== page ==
5 Keys to Better Key Management

From analyzing your company's risk profile to knowing where keys are stored and who can access them, prioritize key clean-up and management. Make compliance an outcome and develop a risk management strategy.

The stratospheric rise in the number of global cybersecurity attacks cast a floodlight on the critical need to follow best practices with encryption and security in general. Adopting an inside-out mindset is one thing; putting it into practice is another.

To assist, the team at Cryptomathic has compiled a list of five key pointers to better cryptographic key management to help organizations jumpstart the journey.

Tips for Better Cryptographic Key Management

1. Start with really good keys — and an inventory scan. Without a doubt, the most important thing you can do is make sure that your organization is using high-quality keys. If you don't use good keys, what's the point? You're building a house of cards.

Creating good keys requires knowing where the keys come from and how they were generated. Did you create them on your laptop or with a pocket calculator, or did you use a purpose-built tool designed specifically for the job? Do they have enough entropy? From generation, to usage, to storage, the keys should never leave the secure boundaries of a hardware security module (HSM) or a similar device.

Chances are, your organization is already using keys and certificates — do you know where they reside? Who has access to them and why? Where are they stored? How are they managed? Create an inventory of what you have and then start to prioritize the clean-up and centralization life cycle management for those keys, certificates, and secrets.

2. Analyze your entire risk profile across your whole environment. You can create the most brilliant, thorough, and comprehensive cybersecurity strategy, but ultimately, it will only be successful if everyone in your organization buys in and complies with it. That's why it's important to develop a risk management strategy with input from representatives from across the business. Include compliance and risk people from the beginning to keep the process honest. For the security processes and protocols to be meaningful, they must include everyone from IT people to the business units who bring use cases and can go back and explain to their peers why the security steps are necessary.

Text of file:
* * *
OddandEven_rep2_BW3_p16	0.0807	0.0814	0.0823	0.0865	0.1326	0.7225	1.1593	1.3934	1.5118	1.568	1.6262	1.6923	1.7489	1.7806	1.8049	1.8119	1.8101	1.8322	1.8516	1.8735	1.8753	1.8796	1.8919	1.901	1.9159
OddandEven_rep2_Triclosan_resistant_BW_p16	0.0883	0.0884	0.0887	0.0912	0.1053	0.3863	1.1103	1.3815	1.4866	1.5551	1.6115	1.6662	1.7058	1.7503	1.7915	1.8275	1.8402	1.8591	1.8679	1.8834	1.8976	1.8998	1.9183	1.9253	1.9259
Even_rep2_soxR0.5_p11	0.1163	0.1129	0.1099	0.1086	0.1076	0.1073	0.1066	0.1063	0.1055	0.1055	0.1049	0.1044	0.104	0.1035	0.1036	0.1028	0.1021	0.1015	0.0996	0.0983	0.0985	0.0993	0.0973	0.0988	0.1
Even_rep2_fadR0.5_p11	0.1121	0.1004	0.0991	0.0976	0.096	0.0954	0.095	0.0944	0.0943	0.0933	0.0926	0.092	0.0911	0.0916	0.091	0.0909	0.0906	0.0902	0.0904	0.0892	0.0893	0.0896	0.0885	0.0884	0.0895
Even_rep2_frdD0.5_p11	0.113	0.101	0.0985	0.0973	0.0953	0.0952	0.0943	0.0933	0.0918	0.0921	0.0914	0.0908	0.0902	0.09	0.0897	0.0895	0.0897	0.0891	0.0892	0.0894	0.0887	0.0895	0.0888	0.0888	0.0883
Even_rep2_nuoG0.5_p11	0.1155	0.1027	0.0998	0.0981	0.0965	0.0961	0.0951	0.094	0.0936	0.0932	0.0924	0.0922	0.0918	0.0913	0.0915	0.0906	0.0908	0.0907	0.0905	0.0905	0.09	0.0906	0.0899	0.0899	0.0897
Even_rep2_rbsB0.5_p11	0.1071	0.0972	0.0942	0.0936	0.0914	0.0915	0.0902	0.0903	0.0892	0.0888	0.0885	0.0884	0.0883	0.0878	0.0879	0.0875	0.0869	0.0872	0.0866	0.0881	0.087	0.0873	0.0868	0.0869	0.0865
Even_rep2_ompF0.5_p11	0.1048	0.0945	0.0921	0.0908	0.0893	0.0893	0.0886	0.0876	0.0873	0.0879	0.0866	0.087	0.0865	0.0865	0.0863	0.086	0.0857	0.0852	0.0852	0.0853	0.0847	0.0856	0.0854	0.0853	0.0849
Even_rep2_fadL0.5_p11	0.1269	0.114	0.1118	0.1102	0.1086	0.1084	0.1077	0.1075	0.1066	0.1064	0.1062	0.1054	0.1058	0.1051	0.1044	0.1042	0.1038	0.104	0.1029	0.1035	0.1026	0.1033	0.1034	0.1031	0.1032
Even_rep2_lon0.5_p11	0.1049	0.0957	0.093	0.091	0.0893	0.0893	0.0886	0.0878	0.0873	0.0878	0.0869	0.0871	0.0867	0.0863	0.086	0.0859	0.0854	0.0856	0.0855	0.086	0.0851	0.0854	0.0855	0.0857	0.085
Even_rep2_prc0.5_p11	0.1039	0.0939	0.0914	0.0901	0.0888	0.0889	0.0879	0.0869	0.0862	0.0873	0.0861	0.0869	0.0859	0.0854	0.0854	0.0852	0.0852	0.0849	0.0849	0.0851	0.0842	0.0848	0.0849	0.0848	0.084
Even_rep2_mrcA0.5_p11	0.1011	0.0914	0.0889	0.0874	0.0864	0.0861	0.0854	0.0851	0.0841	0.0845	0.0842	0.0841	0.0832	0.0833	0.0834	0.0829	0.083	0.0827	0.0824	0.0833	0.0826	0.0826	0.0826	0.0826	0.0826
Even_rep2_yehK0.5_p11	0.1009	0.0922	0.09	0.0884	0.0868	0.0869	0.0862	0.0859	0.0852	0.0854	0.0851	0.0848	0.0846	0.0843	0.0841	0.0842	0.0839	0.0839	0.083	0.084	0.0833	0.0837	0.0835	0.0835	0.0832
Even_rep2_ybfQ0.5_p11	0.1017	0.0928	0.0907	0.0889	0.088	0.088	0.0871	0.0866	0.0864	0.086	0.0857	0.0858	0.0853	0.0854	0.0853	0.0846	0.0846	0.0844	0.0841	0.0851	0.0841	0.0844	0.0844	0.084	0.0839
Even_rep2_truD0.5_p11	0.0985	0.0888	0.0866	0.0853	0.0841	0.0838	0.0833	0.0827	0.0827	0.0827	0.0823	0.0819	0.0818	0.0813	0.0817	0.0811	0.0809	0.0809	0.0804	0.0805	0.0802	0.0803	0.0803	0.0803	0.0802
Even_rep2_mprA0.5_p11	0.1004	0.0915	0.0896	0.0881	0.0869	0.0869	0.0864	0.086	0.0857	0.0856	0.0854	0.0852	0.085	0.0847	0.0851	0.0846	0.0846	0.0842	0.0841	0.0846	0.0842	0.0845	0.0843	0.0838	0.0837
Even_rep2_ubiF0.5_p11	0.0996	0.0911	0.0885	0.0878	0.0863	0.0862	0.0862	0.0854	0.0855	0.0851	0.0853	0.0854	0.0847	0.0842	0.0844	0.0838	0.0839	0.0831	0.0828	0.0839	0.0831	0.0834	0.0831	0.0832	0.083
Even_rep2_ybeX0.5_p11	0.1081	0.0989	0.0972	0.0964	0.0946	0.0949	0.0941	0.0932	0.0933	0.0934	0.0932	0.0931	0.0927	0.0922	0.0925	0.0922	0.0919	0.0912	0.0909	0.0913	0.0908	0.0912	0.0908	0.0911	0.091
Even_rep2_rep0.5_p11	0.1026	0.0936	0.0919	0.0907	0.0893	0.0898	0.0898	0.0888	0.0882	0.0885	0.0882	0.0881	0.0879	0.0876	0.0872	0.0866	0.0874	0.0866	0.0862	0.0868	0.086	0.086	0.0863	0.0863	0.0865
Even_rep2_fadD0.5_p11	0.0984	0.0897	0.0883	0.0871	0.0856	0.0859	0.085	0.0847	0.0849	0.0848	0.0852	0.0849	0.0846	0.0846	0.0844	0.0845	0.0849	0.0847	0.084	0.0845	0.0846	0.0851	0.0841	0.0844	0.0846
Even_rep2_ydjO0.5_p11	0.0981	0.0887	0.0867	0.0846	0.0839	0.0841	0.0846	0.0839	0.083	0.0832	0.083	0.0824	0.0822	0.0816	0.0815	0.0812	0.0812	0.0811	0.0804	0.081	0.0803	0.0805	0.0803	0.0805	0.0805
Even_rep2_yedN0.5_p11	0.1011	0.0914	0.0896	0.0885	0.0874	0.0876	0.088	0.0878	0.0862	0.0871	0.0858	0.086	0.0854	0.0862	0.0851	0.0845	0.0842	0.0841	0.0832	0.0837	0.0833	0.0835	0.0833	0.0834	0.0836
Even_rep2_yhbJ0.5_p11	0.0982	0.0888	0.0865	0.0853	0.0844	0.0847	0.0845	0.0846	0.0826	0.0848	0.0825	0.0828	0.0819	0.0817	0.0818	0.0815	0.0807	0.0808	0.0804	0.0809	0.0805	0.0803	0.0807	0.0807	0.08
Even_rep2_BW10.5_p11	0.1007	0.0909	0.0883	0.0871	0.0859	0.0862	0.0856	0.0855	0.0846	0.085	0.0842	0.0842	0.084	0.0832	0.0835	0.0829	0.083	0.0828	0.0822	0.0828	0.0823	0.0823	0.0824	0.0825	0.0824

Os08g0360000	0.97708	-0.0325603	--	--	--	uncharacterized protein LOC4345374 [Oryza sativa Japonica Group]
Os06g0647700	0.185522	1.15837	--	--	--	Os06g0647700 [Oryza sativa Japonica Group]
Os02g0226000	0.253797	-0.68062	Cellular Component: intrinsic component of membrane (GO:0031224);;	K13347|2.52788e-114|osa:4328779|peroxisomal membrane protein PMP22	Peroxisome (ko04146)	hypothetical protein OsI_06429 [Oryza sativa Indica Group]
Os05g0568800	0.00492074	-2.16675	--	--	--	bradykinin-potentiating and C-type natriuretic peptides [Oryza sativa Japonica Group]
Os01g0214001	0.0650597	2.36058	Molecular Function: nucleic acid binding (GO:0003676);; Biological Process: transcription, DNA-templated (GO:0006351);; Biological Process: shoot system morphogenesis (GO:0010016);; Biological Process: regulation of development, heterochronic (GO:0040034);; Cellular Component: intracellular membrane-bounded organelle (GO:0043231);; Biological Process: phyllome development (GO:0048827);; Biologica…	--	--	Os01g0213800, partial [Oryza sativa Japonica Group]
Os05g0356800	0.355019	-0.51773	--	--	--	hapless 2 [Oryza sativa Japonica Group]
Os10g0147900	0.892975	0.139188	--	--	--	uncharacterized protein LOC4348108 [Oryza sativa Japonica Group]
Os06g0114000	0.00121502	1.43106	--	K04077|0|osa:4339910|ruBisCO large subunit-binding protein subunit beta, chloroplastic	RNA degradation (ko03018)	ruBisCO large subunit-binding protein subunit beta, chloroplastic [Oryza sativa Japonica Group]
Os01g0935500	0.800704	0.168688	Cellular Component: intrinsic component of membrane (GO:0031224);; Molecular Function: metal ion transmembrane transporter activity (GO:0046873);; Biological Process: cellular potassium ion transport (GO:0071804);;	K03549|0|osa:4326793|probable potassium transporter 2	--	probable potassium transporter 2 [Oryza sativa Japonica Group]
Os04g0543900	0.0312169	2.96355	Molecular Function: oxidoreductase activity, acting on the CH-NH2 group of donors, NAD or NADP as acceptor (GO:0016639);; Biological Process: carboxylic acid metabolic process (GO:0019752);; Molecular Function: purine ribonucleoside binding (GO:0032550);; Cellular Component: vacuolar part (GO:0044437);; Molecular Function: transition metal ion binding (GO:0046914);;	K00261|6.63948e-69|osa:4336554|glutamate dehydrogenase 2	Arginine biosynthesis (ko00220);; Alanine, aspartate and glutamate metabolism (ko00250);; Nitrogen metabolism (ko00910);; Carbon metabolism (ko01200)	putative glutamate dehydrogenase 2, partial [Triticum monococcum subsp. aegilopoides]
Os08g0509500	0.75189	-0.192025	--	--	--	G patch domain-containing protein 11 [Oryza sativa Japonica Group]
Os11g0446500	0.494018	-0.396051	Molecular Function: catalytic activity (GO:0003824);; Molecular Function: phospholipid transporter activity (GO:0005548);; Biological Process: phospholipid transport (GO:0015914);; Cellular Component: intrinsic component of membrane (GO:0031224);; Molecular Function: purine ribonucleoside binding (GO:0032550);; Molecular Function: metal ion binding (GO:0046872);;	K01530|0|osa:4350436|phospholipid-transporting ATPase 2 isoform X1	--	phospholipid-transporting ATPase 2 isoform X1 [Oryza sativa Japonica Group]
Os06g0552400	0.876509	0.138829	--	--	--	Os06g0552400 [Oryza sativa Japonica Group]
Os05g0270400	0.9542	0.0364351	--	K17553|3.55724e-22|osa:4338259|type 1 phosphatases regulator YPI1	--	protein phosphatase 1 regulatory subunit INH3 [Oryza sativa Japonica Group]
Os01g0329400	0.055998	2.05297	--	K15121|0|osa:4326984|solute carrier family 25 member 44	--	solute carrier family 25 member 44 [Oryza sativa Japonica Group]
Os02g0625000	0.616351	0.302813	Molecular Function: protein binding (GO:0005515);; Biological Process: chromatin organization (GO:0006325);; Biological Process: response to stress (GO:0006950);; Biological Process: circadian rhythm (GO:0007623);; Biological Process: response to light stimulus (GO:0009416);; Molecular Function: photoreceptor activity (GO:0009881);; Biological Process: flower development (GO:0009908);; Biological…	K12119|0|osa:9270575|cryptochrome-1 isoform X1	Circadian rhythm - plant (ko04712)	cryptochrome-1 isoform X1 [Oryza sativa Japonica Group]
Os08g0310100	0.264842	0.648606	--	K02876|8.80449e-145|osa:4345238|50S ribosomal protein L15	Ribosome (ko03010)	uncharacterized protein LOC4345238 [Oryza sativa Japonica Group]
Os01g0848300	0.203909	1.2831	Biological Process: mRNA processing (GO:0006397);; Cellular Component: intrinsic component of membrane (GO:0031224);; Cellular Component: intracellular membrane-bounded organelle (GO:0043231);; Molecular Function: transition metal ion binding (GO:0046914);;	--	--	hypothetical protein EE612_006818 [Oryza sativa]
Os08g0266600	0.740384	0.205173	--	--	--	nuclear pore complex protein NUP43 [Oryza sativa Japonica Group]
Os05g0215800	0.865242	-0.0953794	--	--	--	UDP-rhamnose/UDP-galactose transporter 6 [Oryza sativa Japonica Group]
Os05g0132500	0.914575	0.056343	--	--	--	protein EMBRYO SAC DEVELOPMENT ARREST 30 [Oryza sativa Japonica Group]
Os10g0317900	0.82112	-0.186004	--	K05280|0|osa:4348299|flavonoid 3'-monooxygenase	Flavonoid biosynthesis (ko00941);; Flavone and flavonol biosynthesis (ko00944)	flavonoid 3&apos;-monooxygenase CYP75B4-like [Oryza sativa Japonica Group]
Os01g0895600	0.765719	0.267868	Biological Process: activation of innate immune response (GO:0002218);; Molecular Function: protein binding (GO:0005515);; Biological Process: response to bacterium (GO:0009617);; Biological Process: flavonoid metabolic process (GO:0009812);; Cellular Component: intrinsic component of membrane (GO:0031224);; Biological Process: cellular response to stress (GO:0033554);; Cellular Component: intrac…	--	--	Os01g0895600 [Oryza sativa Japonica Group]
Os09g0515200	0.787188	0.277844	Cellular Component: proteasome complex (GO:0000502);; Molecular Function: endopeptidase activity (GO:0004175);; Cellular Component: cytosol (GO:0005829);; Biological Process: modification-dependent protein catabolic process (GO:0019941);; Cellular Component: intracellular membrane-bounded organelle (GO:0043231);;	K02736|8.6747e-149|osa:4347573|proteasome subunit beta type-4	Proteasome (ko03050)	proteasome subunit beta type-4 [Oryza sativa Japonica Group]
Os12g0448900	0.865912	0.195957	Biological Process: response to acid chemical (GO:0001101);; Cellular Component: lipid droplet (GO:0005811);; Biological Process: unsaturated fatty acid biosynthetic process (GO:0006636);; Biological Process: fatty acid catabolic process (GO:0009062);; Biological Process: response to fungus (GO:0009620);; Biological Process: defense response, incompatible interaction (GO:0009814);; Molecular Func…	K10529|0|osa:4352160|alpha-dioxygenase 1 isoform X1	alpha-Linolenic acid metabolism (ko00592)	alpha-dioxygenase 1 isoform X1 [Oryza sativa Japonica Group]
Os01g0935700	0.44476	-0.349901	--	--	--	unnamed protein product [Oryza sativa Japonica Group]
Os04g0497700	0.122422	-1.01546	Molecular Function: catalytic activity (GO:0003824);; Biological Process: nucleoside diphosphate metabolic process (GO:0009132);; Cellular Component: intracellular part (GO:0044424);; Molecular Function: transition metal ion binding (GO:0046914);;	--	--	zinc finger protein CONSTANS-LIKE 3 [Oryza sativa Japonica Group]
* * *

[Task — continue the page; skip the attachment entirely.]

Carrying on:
3. Make compliance an outcome, not the ultimate objective. This might sound counterintuitive, but hear me out. Even though compliance is incredibly important, there's an inherent risk to using regulatory compliance as the sole driver of your strategy. When systems are designed to simply tick the boxes on a regulatory checklist, organizations miss the broader, more important point: to design and build for better security.

Instead, use regulations and security standards as a guideline for the minimum set of requirements and then make sure that your efforts actually address your security and business needs going forward. Don't let compliance be a distraction from the real objective.

4. Balance security with usability. How does security affect usability? Have you created a system that's so secure that it's impractical for most users? It's imperative to find a balance between security and the user experience, and to make sure that the security processes don't hinder people from actually doing their work. For example, multifactor authentication can be a great way to make access more secure, but if it's not implemented correctly, it can cause workflows to break down and efficiency to take a nosedive.

5. Be a specialist … that knows when to call an expert. Key management is serious business and should be treated as such. Someone in your organization should become really proficient at understanding the tools and technology to establish good key management practices at the core of everything your organization does.

At the same time, it's equally important to recognize when you need expert support, like when your organization has too many keys to manage. The National Institute for Standards and Technology (NIST) publishes a huge document that lays out recommendations for everything that should and shouldn't be done to establish good key management practices. Cryptography professionals deep-dive into these recommendations to make sure that the cryptographic tools and key management solutions offered meet these standards. That way, when your organization needs additional support for the key management process, you'll have the framework to evaluate the options and find the expertise you need to secure your assets effectively.

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Elizabeth Montalbano, Contributor, Dark Reading